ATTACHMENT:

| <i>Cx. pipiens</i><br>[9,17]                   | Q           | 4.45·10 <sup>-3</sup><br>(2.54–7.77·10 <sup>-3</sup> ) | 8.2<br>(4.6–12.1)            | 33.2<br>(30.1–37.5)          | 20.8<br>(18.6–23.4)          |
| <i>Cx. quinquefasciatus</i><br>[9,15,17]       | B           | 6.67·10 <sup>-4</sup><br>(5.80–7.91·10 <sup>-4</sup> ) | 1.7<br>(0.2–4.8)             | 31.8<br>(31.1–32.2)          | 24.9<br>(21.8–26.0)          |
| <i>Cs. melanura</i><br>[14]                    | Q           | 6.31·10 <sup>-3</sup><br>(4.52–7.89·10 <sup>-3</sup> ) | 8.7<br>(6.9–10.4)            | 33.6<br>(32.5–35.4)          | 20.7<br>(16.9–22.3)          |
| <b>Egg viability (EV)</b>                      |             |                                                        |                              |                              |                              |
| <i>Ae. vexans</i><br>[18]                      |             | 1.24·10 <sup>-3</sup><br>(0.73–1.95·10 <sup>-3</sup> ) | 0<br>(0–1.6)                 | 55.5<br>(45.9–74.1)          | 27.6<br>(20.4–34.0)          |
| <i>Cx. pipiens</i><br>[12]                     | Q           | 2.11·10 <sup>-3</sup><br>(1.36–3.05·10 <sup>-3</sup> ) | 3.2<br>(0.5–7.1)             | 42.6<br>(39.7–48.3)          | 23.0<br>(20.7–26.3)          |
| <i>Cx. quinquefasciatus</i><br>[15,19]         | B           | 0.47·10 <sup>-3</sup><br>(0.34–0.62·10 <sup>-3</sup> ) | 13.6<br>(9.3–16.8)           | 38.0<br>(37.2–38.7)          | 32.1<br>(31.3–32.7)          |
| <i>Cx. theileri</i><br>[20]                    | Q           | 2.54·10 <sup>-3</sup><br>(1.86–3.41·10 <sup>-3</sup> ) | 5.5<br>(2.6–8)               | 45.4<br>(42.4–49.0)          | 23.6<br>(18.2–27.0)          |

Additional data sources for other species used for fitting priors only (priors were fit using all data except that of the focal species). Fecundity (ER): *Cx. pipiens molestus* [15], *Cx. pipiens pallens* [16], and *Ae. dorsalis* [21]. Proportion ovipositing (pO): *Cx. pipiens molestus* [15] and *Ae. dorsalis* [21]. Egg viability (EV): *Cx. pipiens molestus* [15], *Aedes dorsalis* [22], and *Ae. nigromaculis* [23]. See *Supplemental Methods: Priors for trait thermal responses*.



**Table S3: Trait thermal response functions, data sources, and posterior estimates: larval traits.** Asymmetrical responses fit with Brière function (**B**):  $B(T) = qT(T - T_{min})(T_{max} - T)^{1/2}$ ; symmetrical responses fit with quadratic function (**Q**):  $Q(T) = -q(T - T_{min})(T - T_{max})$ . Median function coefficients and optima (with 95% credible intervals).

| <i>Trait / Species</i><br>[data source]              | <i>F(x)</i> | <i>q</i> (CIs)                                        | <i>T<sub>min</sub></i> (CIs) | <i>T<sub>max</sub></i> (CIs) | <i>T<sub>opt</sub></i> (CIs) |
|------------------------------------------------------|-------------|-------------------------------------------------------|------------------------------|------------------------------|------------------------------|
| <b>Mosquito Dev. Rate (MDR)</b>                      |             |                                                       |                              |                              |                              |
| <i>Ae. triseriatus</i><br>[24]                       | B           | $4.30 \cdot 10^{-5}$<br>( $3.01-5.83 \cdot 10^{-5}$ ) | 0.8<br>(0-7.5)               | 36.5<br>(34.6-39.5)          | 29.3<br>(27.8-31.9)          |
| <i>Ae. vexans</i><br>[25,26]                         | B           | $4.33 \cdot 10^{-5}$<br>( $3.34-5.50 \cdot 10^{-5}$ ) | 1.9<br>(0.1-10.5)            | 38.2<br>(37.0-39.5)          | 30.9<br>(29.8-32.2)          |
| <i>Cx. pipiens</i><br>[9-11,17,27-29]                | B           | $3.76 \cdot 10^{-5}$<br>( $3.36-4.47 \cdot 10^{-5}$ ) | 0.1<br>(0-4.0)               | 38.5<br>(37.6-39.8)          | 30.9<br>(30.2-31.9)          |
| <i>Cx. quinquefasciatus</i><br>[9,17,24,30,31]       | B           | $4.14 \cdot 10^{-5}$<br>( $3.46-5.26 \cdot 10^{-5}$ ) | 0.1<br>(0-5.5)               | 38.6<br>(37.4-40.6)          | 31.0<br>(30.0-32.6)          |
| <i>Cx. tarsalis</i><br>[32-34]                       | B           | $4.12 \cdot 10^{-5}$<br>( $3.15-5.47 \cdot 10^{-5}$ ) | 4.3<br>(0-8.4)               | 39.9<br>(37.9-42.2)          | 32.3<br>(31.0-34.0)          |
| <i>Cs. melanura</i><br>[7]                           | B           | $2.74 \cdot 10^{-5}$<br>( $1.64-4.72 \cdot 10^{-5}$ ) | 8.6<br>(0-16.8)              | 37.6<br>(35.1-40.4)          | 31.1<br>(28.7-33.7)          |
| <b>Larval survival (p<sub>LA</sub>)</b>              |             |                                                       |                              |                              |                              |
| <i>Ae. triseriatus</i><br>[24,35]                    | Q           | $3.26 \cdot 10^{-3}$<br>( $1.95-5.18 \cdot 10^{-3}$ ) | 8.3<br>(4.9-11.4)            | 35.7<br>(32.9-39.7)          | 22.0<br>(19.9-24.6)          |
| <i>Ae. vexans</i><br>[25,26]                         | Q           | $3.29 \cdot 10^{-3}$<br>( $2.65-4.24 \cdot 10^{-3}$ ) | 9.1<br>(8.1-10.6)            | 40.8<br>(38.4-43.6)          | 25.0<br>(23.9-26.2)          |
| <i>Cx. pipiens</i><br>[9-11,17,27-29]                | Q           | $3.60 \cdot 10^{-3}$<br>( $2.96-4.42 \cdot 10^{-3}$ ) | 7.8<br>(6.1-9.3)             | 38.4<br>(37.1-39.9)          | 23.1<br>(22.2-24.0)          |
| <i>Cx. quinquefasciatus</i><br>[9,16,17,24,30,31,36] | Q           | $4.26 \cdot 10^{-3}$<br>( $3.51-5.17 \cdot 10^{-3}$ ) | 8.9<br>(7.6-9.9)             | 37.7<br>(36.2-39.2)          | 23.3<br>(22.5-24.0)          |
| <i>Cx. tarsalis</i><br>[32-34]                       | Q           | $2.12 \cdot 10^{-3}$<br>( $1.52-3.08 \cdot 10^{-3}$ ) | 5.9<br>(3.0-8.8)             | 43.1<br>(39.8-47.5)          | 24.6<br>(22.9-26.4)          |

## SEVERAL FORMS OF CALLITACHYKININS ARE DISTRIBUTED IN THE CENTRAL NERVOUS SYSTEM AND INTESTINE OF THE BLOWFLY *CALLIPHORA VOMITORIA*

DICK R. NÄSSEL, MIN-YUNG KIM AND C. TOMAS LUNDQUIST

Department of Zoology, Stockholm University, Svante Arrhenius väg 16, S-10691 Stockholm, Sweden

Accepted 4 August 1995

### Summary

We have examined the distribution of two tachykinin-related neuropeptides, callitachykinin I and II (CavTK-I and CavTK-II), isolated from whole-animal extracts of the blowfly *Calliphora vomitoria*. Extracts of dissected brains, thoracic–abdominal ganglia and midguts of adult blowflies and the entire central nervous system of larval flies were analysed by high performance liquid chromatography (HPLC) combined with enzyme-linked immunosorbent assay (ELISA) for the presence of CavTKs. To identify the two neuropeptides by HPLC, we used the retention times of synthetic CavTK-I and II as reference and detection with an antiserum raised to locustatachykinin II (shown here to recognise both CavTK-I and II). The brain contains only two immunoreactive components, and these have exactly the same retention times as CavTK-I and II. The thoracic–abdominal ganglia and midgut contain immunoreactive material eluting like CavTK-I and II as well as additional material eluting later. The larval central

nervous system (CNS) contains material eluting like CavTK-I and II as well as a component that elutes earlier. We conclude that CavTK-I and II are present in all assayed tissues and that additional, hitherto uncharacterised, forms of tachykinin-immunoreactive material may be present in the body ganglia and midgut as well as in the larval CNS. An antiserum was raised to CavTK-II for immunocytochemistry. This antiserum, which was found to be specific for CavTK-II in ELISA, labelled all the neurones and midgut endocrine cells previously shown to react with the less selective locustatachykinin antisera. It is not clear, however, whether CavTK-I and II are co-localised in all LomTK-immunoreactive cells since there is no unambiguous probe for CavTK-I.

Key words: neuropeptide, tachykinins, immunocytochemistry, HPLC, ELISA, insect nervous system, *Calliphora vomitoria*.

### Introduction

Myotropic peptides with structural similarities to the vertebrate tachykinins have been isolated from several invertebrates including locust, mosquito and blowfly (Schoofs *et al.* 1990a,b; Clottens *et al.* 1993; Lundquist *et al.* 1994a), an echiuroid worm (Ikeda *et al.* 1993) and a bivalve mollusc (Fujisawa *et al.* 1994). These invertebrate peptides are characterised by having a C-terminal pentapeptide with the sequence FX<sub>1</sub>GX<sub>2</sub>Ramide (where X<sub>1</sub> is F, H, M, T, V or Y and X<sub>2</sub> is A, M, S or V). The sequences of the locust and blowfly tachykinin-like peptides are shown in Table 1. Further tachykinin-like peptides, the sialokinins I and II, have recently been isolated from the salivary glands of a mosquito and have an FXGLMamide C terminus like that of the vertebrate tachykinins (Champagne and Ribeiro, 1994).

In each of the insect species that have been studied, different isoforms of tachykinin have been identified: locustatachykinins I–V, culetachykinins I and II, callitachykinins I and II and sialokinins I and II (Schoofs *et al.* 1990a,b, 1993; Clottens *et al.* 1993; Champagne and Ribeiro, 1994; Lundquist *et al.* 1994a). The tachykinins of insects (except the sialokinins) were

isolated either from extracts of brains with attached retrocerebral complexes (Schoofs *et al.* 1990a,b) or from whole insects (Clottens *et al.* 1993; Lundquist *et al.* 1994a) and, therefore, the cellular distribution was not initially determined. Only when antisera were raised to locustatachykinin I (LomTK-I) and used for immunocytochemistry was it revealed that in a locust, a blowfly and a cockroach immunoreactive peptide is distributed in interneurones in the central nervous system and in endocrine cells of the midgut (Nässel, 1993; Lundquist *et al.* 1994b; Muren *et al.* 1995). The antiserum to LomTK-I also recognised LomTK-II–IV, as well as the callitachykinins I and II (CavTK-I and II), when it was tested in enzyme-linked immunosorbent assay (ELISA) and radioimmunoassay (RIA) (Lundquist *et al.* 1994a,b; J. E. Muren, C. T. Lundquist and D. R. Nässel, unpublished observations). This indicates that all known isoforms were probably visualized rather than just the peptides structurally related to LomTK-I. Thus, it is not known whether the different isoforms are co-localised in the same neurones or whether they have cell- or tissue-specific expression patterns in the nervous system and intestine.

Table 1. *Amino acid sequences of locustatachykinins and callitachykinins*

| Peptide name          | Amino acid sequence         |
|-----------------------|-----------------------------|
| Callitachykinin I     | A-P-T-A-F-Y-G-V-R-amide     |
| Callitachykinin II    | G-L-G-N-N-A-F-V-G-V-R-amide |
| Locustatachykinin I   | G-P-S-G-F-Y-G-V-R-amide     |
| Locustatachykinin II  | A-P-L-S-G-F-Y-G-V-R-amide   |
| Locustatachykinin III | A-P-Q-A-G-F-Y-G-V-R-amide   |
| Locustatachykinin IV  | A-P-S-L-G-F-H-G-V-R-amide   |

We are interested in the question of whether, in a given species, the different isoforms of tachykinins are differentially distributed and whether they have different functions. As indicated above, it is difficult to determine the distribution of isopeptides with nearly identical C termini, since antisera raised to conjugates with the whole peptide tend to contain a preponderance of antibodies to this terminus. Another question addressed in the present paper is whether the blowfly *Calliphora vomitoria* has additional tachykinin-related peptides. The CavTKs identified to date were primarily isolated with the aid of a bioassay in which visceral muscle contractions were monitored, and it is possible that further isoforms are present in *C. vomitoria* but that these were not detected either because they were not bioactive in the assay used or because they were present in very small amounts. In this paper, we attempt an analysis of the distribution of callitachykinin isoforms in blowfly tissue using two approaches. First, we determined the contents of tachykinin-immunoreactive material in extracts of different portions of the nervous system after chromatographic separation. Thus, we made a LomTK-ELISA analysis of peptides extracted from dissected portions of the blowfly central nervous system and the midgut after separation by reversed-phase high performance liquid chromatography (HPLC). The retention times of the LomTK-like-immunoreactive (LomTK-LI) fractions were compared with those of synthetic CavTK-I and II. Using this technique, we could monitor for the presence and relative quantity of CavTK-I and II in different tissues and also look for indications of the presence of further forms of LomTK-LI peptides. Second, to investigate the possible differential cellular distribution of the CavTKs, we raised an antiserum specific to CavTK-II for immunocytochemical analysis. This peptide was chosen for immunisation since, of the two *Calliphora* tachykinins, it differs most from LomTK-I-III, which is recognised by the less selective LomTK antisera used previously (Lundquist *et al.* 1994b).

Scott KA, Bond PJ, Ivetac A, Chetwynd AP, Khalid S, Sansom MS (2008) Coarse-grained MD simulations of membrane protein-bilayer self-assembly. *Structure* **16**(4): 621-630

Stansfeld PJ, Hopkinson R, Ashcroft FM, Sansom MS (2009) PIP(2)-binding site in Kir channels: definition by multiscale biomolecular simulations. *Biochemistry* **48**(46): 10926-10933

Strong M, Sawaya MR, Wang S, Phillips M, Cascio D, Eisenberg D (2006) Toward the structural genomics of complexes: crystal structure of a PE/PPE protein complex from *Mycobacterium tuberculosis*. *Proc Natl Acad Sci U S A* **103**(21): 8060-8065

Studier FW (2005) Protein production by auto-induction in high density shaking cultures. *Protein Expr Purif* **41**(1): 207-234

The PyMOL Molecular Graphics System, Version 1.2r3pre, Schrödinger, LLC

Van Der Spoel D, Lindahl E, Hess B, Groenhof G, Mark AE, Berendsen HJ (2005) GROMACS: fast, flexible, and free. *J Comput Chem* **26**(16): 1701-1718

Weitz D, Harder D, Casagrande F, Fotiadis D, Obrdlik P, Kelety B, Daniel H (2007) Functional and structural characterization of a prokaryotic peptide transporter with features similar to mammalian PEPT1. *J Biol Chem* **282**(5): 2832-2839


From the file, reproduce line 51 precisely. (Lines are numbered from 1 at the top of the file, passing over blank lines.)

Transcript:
Studier FW (2005) Protein production by auto-induction in high density shaking cultures. *Protein Expr Purif* **41**(1): 207-234